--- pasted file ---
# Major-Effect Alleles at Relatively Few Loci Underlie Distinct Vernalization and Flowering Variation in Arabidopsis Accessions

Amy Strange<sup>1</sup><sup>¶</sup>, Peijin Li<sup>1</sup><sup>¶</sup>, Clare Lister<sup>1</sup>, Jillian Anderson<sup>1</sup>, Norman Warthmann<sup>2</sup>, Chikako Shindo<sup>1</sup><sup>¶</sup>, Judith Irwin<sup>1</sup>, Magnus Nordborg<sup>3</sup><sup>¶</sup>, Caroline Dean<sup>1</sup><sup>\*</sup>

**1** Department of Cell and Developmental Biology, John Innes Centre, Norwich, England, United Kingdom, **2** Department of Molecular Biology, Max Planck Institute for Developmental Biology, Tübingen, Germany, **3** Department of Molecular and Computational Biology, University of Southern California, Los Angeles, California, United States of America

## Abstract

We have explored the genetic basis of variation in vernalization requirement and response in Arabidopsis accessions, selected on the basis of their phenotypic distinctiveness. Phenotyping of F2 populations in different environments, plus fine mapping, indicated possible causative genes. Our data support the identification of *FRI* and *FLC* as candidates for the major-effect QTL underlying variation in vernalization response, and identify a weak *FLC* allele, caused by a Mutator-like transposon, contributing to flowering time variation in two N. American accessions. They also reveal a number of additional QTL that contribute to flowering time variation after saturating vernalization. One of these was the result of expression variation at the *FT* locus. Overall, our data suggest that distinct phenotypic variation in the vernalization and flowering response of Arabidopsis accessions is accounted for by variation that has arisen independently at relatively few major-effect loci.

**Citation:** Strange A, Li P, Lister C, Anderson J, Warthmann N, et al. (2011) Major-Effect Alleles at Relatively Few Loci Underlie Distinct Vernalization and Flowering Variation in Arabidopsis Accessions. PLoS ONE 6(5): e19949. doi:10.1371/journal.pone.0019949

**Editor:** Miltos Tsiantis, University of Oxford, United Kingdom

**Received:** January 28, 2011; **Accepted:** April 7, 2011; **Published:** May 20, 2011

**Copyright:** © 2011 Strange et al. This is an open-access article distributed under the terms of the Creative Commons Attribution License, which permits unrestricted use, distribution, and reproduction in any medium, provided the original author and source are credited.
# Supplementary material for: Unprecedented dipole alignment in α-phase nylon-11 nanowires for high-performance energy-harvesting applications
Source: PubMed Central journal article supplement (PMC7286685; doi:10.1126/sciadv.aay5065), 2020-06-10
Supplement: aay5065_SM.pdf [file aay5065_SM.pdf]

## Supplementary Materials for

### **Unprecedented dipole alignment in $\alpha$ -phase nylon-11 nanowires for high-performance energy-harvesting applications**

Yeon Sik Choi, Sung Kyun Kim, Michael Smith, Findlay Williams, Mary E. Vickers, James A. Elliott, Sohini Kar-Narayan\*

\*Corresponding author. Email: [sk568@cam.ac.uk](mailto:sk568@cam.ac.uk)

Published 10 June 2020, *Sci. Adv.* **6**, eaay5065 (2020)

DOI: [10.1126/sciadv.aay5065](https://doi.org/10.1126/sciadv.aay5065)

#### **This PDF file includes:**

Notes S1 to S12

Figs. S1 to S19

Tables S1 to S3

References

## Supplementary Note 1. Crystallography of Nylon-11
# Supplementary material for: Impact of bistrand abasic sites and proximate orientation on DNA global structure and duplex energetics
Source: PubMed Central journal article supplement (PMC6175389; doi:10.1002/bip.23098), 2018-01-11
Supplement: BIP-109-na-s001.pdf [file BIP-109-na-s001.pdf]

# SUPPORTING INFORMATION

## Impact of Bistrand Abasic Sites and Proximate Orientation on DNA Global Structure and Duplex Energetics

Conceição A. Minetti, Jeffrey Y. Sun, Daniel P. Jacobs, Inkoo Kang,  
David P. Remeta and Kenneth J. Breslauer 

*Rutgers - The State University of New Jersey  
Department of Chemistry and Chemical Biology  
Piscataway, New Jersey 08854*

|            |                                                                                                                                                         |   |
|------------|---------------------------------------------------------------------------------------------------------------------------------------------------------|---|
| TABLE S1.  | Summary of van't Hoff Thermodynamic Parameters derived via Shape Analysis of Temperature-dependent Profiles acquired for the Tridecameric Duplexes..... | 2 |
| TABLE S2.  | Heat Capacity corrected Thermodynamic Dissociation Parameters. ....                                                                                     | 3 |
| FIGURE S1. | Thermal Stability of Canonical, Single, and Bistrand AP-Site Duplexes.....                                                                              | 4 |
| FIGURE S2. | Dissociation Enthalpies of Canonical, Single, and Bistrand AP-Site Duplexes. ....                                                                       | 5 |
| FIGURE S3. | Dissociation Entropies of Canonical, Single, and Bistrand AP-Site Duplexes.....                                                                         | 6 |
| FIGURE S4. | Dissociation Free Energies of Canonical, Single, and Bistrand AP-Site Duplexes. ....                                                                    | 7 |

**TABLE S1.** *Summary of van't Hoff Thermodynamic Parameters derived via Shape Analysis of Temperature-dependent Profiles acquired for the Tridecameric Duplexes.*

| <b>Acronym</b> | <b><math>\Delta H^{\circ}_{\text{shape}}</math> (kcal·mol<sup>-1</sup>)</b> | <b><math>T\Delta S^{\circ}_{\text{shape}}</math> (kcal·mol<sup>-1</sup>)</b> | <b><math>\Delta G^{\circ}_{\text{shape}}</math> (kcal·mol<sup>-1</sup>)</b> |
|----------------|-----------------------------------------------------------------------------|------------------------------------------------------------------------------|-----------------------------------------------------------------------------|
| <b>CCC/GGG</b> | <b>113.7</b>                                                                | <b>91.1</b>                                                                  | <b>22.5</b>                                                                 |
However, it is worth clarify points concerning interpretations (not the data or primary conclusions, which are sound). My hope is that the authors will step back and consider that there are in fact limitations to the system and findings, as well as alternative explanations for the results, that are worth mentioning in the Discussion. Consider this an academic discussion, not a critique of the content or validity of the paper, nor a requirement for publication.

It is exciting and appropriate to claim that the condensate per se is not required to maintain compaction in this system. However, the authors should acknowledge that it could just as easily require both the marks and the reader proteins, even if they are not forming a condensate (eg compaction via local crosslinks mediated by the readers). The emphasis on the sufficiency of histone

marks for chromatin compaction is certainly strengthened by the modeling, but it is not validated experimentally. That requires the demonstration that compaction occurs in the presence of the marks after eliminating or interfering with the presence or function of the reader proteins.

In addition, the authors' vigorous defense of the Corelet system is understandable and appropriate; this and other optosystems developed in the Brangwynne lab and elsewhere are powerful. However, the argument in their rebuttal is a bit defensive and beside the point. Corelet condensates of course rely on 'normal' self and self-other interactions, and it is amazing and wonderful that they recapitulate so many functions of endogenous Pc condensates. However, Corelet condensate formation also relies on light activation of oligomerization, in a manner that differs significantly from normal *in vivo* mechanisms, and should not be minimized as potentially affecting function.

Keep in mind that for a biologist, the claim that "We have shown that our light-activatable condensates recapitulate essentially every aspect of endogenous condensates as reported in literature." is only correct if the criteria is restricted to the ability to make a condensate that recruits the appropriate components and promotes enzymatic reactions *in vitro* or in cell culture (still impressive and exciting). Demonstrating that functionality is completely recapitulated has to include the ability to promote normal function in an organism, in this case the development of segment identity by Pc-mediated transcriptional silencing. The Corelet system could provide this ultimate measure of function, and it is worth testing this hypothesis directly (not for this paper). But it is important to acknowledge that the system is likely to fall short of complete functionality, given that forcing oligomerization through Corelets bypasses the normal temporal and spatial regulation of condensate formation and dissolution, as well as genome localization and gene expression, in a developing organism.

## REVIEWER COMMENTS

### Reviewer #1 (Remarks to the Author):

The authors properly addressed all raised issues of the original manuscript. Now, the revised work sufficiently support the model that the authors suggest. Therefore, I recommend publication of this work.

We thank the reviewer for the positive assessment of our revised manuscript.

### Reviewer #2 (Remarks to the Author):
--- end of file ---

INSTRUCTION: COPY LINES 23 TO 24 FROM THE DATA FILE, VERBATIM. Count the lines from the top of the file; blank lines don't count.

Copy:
References

## Supplementary Note 1. Crystallography of Nylon-11